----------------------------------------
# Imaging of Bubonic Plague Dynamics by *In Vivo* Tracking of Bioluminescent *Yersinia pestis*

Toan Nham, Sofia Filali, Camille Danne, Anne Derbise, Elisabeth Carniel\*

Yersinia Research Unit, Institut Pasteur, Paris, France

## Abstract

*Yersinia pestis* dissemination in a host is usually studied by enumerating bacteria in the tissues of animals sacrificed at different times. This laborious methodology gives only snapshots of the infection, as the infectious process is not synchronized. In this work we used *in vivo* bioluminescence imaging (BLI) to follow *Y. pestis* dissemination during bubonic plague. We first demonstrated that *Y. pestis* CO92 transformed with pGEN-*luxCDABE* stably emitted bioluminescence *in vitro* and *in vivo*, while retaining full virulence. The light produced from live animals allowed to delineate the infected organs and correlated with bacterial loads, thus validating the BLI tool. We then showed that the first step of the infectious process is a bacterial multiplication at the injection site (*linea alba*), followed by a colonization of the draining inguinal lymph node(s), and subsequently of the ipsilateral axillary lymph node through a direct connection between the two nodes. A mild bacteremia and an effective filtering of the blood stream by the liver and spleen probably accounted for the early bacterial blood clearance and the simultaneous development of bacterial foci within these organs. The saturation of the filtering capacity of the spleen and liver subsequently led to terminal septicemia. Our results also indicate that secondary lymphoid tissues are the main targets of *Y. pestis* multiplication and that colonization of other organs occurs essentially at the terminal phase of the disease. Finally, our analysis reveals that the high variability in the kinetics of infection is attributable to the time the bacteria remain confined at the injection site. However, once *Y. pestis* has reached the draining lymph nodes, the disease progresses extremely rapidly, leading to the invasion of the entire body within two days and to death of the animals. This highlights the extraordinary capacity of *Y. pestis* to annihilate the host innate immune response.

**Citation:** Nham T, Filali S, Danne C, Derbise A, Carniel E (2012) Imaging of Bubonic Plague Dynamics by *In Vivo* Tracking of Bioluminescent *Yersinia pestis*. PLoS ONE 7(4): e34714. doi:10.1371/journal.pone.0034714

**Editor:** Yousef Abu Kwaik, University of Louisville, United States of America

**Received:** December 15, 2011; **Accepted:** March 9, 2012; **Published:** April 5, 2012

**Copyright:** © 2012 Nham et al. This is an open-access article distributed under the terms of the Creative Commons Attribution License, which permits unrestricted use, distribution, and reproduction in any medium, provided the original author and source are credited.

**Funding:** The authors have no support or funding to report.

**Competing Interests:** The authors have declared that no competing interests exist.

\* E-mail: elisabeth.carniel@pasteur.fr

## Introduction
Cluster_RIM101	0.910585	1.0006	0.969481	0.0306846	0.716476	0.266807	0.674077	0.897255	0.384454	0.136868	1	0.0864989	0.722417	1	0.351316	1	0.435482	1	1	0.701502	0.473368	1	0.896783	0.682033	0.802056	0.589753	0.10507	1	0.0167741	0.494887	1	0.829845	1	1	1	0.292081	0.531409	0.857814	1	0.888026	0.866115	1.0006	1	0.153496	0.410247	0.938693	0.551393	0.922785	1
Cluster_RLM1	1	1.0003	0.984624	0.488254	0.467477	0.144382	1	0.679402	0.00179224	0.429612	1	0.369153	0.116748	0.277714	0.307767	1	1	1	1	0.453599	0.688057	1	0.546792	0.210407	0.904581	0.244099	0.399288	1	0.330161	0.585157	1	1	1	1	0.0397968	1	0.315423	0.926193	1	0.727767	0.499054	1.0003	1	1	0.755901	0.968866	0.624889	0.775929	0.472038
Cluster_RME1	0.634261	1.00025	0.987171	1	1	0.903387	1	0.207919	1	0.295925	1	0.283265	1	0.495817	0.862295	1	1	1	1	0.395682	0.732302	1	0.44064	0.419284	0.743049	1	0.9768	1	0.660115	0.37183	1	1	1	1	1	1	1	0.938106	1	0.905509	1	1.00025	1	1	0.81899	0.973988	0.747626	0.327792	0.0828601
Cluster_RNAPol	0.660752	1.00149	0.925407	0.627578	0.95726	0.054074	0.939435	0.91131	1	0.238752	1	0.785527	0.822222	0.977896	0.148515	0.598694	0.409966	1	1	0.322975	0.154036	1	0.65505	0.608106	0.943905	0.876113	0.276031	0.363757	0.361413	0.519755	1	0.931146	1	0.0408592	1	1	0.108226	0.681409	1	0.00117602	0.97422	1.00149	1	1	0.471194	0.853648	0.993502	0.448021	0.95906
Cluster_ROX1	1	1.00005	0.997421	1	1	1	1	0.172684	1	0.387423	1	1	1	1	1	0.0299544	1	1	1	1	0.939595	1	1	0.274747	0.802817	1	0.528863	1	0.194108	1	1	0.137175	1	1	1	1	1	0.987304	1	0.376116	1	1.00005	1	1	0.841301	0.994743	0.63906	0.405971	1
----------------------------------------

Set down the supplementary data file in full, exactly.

# Imaging of Bubonic Plague Dynamics by *In Vivo* Tracking of Bioluminescent *Yersinia pestis*

Toan Nham, Sofia Filali, Camille Danne, Anne Derbise, Elisabeth Carniel\*

Yersinia Research Unit, Institut Pasteur, Paris, France

## Abstract

*Yersinia pestis* dissemination in a host is usually studied by enumerating bacteria in the tissues of animals sacrificed at different times. This laborious methodology gives only snapshots of the infection, as the infectious process is not synchronized. In this work we used *in vivo* bioluminescence imaging (BLI) to follow *Y. pestis* dissemination during bubonic plague. We first demonstrated that *Y. pestis* CO92 transformed with pGEN-*luxCDABE* stably emitted bioluminescence *in vitro* and *in vivo*, while retaining full virulence. The light produced from live animals allowed to delineate the infected organs and correlated with bacterial loads, thus validating the BLI tool. We then showed that the first step of the infectious process is a bacterial multiplication at the injection site (*linea alba*), followed by a colonization of the draining inguinal lymph node(s), and subsequently of the ipsilateral axillary lymph node through a direct connection between the two nodes. A mild bacteremia and an effective filtering of the blood stream by the liver and spleen probably accounted for the early bacterial blood clearance and the simultaneous development of bacterial foci within these organs. The saturation of the filtering capacity of the spleen and liver subsequently led to terminal septicemia. Our results also indicate that secondary lymphoid tissues are the main targets of *Y. pestis* multiplication and that colonization of other organs occurs essentially at the terminal phase of the disease. Finally, our analysis reveals that the high variability in the kinetics of infection is attributable to the time the bacteria remain confined at the injection site. However, once *Y. pestis* has reached the draining lymph nodes, the disease progresses extremely rapidly, leading to the invasion of the entire body within two days and to death of the animals. This highlights the extraordinary capacity of *Y. pestis* to annihilate the host innate immune response.

**Citation:** Nham T, Filali S, Danne C, Derbise A, Carniel E (2012) Imaging of Bubonic Plague Dynamics by *In Vivo* Tracking of Bioluminescent *Yersinia pestis*. PLoS ONE 7(4): e34714. doi:10.1371/journal.pone.0034714

**Editor:** Yousef Abu Kwaik, University of Louisville, United States of America

**Received:** December 15, 2011; **Accepted:** March 9, 2012; **Published:** April 5, 2012

**Copyright:** © 2012 Nham et al. This is an open-access article distributed under the terms of the Creative Commons Attribution License, which permits unrestricted use, distribution, and reproduction in any medium, provided the original author and source are credited.

**Funding:** The authors have no support or funding to report.

**Competing Interests:** The authors have declared that no competing interests exist.

\* E-mail: elisabeth.carniel@pasteur.fr

## Introduction
Cluster_RIM101	0.910585	1.0006	0.969481	0.0306846	0.716476	0.266807	0.674077	0.897255	0.384454	0.136868	1	0.0864989	0.722417	1	0.351316	1	0.435482	1	1	0.701502	0.473368	1	0.896783	0.682033	0.802056	0.589753	0.10507	1	0.0167741	0.494887	1	0.829845	1	1	1	0.292081	0.531409	0.857814	1	0.888026	0.866115	1.0006	1	0.153496	0.410247	0.938693	0.551393	0.922785	1
Cluster_RLM1	1	1.0003	0.984624	0.488254	0.467477	0.144382	1	0.679402	0.00179224	0.429612	1	0.369153	0.116748	0.277714	0.307767	1	1	1	1	0.453599	0.688057	1	0.546792	0.210407	0.904581	0.244099	0.399288	1	0.330161	0.585157	1	1	1	1	0.0397968	1	0.315423	0.926193	1	0.727767	0.499054	1.0003	1	1	0.755901	0.968866	0.624889	0.775929	0.472038
Cluster_RME1	0.634261	1.00025	0.987171	1	1	0.903387	1	0.207919	1	0.295925	1	0.283265	1	0.495817	0.862295	1	1	1	1	0.395682	0.732302	1	0.44064	0.419284	0.743049	1	0.9768	1	0.660115	0.37183	1	1	1	1	1	1	1	0.938106	1	0.905509	1	1.00025	1	1	0.81899	0.973988	0.747626	0.327792	0.0828601
Cluster_RNAPol	0.660752	1.00149	0.925407	0.627578	0.95726	0.054074	0.939435	0.91131	1	0.238752	1	0.785527	0.822222	0.977896	0.148515	0.598694	0.409966	1	1	0.322975	0.154036	1	0.65505	0.608106	0.943905	0.876113	0.276031	0.363757	0.361413	0.519755	1	0.931146	1	0.0408592	1	1	0.108226	0.681409	1	0.00117602	0.97422	1.00149	1	1	0.471194	0.853648	0.993502	0.448021	0.95906
Cluster_ROX1	1	1.00005	0.997421	1	1	1	1	0.172684	1	0.387423	1	1	1	1	1	0.0299544	1	1	1	1	0.939595	1	1	0.274747	0.802817	1	0.528863	1	0.194108	1	1	0.137175	1	1	1	1	1	0.987304	1	0.376116	1	1.00005	1	1	0.841301	0.994743	0.63906	0.405971	1